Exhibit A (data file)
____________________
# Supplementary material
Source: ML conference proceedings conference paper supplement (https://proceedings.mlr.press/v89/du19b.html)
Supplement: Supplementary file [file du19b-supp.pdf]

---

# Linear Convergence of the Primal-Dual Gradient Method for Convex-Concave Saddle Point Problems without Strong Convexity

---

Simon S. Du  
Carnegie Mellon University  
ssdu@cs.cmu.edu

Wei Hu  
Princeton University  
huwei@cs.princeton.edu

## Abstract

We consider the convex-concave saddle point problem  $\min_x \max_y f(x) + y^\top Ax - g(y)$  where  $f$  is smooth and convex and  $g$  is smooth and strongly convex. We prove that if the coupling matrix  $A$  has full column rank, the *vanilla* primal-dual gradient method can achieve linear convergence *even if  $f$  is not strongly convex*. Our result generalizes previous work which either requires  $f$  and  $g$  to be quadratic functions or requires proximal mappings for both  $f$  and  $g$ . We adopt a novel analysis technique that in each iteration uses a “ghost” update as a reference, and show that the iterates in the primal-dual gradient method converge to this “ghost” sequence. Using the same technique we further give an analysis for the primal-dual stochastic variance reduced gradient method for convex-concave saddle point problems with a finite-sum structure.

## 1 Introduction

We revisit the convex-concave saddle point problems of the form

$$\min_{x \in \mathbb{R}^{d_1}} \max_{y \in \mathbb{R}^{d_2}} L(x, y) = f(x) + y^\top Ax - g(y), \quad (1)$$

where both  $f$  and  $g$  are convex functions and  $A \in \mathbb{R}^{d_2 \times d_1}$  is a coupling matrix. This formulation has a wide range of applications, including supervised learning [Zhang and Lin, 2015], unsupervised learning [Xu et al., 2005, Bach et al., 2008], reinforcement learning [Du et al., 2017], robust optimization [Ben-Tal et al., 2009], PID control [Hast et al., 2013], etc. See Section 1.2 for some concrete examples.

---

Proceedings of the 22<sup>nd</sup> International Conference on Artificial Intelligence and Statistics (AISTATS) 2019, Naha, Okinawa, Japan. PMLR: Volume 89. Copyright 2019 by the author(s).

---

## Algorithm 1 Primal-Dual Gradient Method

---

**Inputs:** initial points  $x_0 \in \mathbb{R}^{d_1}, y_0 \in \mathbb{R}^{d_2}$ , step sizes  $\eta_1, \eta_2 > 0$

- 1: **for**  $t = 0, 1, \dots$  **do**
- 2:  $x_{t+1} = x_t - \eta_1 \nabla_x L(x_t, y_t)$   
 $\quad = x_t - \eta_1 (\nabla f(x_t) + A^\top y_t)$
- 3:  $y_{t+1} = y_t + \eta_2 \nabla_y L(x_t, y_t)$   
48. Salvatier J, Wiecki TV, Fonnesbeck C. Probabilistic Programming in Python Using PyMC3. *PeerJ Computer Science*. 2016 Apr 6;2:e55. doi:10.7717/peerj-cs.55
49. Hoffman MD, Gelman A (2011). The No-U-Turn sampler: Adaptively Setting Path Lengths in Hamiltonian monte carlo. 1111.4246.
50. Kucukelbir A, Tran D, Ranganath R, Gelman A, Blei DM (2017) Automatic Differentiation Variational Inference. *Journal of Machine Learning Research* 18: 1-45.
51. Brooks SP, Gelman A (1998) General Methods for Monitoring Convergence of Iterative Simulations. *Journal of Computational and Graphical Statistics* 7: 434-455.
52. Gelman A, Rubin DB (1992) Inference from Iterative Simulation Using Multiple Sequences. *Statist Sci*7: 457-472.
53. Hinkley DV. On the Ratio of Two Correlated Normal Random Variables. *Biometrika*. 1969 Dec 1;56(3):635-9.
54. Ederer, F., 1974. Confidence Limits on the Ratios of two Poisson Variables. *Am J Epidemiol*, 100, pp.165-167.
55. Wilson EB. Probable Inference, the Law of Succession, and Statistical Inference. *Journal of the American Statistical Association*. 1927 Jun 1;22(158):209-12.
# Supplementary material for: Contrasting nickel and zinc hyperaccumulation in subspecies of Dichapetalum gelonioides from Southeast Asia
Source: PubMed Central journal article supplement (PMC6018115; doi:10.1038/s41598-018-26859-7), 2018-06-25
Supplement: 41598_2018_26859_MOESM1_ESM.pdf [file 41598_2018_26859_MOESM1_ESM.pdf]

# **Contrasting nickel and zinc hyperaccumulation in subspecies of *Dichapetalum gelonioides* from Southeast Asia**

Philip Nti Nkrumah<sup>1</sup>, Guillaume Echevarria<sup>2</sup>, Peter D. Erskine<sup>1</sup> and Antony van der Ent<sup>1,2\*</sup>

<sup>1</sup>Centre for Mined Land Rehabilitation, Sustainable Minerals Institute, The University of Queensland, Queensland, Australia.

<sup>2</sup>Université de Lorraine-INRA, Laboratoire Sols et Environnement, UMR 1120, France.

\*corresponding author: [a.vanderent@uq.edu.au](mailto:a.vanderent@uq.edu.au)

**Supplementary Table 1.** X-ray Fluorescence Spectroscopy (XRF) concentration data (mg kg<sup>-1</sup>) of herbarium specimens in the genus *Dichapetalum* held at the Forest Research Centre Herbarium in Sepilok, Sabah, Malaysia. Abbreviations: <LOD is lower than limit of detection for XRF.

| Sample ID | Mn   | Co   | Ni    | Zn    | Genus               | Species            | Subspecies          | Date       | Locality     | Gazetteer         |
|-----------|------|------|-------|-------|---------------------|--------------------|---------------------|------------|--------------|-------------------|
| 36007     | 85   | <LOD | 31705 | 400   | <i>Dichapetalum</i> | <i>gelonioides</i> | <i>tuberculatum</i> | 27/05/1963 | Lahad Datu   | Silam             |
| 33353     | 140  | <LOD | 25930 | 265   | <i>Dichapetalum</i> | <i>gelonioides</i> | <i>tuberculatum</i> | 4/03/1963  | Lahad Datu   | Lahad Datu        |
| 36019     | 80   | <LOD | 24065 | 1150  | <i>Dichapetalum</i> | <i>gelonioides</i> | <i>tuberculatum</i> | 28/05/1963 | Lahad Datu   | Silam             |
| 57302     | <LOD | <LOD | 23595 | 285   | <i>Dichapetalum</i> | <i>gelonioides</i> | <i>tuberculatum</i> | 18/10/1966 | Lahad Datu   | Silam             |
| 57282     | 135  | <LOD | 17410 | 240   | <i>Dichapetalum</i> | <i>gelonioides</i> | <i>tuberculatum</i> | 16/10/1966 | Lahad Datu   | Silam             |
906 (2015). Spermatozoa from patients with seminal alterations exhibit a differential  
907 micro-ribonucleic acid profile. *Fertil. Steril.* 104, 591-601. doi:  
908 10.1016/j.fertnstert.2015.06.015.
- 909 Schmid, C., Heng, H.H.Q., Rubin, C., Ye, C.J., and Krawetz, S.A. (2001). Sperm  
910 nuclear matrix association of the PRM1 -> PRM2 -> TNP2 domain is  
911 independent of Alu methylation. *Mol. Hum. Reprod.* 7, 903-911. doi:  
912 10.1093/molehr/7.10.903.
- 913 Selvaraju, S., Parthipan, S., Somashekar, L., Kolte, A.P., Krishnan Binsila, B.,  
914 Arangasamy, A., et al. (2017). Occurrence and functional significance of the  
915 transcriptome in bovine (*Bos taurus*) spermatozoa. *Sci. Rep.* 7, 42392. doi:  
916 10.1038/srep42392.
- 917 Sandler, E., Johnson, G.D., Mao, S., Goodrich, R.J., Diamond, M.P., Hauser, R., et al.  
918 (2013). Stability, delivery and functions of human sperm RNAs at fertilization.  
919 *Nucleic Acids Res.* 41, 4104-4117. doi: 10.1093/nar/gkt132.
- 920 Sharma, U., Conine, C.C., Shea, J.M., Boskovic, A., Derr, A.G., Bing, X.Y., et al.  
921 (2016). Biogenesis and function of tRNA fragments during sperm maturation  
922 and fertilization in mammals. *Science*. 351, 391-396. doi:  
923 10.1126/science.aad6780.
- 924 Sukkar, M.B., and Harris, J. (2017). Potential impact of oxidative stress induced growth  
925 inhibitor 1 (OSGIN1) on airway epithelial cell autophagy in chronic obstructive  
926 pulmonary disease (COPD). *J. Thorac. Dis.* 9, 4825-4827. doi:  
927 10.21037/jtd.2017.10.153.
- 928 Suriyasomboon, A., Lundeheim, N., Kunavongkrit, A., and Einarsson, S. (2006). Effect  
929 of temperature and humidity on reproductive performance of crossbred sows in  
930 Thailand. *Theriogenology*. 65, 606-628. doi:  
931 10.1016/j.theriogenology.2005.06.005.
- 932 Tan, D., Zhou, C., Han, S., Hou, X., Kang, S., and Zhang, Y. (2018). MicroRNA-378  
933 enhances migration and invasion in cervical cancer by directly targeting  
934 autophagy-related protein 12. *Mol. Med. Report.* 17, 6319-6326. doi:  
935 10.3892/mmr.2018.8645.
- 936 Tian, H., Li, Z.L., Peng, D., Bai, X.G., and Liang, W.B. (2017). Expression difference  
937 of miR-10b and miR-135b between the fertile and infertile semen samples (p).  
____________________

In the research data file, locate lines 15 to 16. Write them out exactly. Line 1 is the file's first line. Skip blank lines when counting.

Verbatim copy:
## 1 Introduction

We revisit the convex-concave saddle point problems of the form